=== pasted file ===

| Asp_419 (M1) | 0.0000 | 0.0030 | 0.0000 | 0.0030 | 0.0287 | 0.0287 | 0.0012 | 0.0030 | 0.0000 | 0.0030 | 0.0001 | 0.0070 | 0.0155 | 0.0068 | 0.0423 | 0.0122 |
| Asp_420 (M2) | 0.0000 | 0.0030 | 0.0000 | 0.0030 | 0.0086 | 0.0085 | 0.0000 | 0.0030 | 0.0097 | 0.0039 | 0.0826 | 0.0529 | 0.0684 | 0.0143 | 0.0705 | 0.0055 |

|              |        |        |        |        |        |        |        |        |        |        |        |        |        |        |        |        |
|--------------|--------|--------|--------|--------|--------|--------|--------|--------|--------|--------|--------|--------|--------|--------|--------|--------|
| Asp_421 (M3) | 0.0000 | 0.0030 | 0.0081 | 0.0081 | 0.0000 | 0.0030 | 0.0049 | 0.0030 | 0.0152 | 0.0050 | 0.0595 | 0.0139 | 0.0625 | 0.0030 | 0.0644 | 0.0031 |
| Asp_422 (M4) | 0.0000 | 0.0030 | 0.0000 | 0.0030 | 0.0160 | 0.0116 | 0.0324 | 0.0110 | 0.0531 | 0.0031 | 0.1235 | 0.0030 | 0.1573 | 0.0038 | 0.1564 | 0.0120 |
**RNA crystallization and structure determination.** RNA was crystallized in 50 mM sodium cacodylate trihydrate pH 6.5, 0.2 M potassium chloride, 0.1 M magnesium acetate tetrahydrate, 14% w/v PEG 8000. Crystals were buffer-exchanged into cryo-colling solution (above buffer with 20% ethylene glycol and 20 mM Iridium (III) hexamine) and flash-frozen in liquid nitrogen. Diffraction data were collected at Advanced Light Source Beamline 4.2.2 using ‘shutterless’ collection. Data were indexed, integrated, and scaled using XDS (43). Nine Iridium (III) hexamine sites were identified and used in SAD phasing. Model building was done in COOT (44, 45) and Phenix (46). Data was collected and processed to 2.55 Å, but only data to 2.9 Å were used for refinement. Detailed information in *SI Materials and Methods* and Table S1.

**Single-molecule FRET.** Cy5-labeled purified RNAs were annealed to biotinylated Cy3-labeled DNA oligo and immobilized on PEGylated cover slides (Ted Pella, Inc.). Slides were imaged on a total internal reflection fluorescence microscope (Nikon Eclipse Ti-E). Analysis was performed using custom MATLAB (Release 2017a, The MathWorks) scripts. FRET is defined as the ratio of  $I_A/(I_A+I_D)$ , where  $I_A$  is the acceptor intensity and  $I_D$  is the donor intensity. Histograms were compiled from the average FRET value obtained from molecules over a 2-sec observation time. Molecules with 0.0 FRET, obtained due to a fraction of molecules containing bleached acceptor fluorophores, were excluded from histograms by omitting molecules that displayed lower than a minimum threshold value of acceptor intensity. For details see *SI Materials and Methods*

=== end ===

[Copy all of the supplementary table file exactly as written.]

| Asp_419 (M1) | 0.0000 | 0.0030 | 0.0000 | 0.0030 | 0.0287 | 0.0287 | 0.0012 | 0.0030 | 0.0000 | 0.0030 | 0.0001 | 0.0070 | 0.0155 | 0.0068 | 0.0423 | 0.0122 |
| Asp_420 (M2) | 0.0000 | 0.0030 | 0.0000 | 0.0030 | 0.0086 | 0.0085 | 0.0000 | 0.0030 | 0.0097 | 0.0039 | 0.0826 | 0.0529 | 0.0684 | 0.0143 | 0.0705 | 0.0055 |

|              |        |        |        |        |        |        |        |        |        |        |        |        |        |        |        |        |
|--------------|--------|--------|--------|--------|--------|--------|--------|--------|--------|--------|--------|--------|--------|--------|--------|--------|
| Asp_421 (M3) | 0.0000 | 0.0030 | 0.0081 | 0.0081 | 0.0000 | 0.0030 | 0.0049 | 0.0030 | 0.0152 | 0.0050 | 0.0595 | 0.0139 | 0.0625 | 0.0030 | 0.0644 | 0.0031 |
| Asp_422 (M4) | 0.0000 | 0.0030 | 0.0000 | 0.0030 | 0.0160 | 0.0116 | 0.0324 | 0.0110 | 0.0531 | 0.0031 | 0.1235 | 0.0030 | 0.1573 | 0.0038 | 0.1564 | 0.0120 |
**RNA crystallization and structure determination.** RNA was crystallized in 50 mM sodium cacodylate trihydrate pH 6.5, 0.2 M potassium chloride, 0.1 M magnesium acetate tetrahydrate, 14% w/v PEG 8000. Crystals were buffer-exchanged into cryo-colling solution (above buffer with 20% ethylene glycol and 20 mM Iridium (III) hexamine) and flash-frozen in liquid nitrogen. Diffraction data were collected at Advanced Light Source Beamline 4.2.2 using ‘shutterless’ collection. Data were indexed, integrated, and scaled using XDS (43). Nine Iridium (III) hexamine sites were identified and used in SAD phasing. Model building was done in COOT (44, 45) and Phenix (46). Data was collected and processed to 2.55 Å, but only data to 2.9 Å were used for refinement. Detailed information in *SI Materials and Methods* and Table S1.

**Single-molecule FRET.** Cy5-labeled purified RNAs were annealed to biotinylated Cy3-labeled DNA oligo and immobilized on PEGylated cover slides (Ted Pella, Inc.). Slides were imaged on a total internal reflection fluorescence microscope (Nikon Eclipse Ti-E). Analysis was performed using custom MATLAB (Release 2017a, The MathWorks) scripts. FRET is defined as the ratio of  $I_A/(I_A+I_D)$ , where  $I_A$  is the acceptor intensity and  $I_D$  is the donor intensity. Histograms were compiled from the average FRET value obtained from molecules over a 2-sec observation time. Molecules with 0.0 FRET, obtained due to a fraction of molecules containing bleached acceptor fluorophores, were excluded from histograms by omitting molecules that displayed lower than a minimum threshold value of acceptor intensity. For details see *SI Materials and Methods*